Free Money? Actually, Yes

Everyone is talking about losing money these days, but millions of Americans are actually finding money that they never knew they had.

There’s at least $32 billion out there waiting to be returned to more than 100 million rightful owners. It’s called unclaimed property – from forgotten bank accounts to stock certifications, insurance refunds, un-cashed dividends or even life insurance policies – and each state has an unclaimed property statute that protects consumers from losing their financial property. By law, companies must turn that money over to the state and, from there, the state must try to turn it back to you. State treasurers use the web and newspaper ads to do so and so far, they’re giving back $2 billion a year.

Dateline NBC’s Tiki Barber revealed a financial windfall to one Louisiana woman, telling her about $237,000 her old friend left her after his death. Needless to say, she was floored (watch the video at left for the full story).

So could your state be sitting on a pile of your money without you even knowing it? Shane Osborne, president of the National Association of Unclaimed Property Administrators, says he is amazed by how few people know how much money is involved. Most of us think we could never lose track of large sums of money owed to us, but the statistics show it’s easier than you think.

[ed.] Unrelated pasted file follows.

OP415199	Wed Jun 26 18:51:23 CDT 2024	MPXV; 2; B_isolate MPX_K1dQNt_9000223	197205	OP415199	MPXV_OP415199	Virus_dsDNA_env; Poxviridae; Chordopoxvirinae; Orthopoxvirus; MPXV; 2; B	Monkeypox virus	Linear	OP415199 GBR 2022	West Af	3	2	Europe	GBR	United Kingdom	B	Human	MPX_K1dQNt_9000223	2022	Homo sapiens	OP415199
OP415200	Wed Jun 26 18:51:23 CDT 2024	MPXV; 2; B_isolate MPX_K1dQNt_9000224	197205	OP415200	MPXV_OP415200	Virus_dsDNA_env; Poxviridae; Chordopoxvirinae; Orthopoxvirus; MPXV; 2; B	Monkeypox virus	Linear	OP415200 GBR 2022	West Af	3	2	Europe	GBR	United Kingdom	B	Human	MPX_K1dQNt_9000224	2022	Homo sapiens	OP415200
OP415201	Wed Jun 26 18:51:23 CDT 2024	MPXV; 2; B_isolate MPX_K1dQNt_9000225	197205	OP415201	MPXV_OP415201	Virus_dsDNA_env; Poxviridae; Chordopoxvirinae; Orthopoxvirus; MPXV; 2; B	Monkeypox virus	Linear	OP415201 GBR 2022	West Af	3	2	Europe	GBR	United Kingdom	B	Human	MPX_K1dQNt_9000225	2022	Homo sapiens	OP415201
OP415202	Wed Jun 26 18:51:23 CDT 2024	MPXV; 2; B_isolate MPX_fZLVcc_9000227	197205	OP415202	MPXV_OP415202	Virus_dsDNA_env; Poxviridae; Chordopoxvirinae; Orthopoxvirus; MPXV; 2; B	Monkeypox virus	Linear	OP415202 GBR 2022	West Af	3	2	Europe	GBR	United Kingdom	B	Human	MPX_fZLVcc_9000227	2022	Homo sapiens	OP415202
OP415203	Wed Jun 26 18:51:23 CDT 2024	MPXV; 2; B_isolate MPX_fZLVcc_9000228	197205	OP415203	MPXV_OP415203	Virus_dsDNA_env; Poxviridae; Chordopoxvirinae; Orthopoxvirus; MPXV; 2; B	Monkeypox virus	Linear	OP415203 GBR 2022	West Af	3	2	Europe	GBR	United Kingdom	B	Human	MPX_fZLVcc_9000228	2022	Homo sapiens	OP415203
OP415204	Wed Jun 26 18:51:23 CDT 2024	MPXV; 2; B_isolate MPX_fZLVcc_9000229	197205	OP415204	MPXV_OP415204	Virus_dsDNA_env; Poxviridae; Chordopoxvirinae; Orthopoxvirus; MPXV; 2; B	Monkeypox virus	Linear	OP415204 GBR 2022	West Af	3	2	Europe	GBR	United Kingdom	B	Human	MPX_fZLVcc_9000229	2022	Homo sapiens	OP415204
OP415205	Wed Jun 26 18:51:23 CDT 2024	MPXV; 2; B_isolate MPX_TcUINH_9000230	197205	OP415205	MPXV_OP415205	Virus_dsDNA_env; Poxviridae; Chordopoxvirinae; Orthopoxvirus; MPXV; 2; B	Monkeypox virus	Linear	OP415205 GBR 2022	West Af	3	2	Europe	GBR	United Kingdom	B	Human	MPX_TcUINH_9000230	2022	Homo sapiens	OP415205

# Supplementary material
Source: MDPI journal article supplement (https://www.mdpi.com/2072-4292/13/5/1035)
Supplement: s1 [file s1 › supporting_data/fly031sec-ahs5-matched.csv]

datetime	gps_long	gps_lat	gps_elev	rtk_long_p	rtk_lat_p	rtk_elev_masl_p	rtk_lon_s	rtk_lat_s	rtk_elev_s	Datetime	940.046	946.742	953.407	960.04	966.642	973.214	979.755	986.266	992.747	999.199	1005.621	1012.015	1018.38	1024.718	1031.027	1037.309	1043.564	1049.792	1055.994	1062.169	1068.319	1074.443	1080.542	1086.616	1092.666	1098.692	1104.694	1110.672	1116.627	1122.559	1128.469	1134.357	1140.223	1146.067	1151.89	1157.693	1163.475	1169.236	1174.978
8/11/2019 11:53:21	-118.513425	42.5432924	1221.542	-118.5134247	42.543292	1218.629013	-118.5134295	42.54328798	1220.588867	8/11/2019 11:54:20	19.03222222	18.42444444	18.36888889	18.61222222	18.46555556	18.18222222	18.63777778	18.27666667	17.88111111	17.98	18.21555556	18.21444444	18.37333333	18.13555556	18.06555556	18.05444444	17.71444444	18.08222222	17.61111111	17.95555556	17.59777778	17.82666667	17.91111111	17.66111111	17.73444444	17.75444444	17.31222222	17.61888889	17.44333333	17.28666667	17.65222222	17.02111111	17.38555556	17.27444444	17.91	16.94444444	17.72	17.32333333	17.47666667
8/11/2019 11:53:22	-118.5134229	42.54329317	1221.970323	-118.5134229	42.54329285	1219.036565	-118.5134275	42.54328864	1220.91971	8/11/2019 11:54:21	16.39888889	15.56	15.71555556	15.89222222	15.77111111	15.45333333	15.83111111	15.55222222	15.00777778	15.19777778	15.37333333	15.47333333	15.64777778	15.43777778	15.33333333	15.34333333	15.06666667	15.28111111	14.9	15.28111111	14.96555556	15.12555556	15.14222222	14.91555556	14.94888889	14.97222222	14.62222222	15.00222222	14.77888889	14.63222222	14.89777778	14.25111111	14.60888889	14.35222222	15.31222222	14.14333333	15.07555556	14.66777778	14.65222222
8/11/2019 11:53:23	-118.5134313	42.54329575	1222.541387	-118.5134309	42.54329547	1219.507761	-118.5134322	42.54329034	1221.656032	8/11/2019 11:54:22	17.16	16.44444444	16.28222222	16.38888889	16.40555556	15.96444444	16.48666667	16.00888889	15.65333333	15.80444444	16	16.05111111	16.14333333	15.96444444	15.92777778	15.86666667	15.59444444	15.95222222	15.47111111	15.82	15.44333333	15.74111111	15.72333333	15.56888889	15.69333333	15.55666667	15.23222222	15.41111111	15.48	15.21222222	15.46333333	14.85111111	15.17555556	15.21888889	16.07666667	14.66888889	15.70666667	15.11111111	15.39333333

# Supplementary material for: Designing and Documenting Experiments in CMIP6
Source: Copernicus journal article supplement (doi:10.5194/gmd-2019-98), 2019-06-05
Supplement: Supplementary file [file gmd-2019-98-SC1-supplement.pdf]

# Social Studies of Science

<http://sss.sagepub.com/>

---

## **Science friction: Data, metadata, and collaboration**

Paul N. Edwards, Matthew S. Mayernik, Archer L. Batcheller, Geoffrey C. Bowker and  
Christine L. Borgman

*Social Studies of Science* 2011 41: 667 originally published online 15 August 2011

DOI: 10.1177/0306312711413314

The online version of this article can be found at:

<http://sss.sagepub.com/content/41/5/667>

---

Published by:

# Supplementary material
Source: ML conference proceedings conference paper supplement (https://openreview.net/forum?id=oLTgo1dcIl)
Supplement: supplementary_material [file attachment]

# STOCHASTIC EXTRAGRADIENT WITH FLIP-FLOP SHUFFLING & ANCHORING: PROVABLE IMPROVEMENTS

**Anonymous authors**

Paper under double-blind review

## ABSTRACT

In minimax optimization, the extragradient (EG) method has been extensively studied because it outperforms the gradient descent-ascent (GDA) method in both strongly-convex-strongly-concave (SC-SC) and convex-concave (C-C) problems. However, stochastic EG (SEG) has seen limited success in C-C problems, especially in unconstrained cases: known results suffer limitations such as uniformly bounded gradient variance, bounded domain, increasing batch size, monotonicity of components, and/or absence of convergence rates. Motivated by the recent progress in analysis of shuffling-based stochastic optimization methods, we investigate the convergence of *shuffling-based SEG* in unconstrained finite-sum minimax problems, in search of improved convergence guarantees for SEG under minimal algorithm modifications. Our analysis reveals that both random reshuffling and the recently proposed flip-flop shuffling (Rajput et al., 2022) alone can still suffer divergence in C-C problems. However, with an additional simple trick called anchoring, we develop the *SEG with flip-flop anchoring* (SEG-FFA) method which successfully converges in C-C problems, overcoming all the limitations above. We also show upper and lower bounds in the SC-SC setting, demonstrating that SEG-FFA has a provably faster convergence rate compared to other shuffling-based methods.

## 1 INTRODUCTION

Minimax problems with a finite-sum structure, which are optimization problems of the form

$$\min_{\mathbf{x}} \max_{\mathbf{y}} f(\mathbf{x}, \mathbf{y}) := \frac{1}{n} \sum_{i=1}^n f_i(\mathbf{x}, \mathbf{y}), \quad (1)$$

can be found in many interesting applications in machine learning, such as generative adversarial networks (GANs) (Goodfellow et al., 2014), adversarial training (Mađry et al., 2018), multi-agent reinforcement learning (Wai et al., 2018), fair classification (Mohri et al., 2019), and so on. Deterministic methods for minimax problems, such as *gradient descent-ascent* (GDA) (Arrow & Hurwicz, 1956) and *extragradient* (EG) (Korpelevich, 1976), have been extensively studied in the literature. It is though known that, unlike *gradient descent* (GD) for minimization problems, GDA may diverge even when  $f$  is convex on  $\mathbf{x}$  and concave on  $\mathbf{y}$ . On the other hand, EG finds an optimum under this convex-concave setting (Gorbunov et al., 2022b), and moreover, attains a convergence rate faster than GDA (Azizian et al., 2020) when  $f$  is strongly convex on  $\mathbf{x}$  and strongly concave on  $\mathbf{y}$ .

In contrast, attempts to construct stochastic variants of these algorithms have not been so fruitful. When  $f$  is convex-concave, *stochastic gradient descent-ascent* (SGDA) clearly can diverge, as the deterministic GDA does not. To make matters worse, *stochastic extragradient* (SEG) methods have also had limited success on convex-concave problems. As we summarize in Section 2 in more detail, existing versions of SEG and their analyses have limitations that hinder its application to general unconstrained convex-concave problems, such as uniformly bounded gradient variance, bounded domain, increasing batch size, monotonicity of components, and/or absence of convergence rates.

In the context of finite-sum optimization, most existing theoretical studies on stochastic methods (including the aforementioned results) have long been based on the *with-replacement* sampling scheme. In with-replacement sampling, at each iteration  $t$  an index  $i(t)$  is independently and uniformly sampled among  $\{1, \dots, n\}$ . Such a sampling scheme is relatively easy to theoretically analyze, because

To search to see if you have unclaimed property out there, head to – an online collaborative database that culls the statistics from 40 states. In researching this story, Osborne even found some money for himself – and Carmen found some unclaimed cash for her husband in Michigan!

With any story involving – literally – free money, there’s always a dark underbelly. We brought in scam expert Bob Sullivan of MSNBC's Red Tape Chronicles who said that while he lives by the mantra “if it sounds too good to be true, it probably is,” this is actually legit.

It is, however, a haven for scammers. So in your search for unclaimed money, Sullivan reminds that this is a free service. Anyone offering to help you find what is rightfully yours for a fee should be ignored. Because the information is, for the most part, part of public record, some scammers will acquire the list and act as an intermediary for the uninformed, charging huge finder’s fees to reunite you with your money.

So as long as you go through either your state treasurer’s website or the official MissingMoney website, you should be able to avoid the scammers, Sullivan says.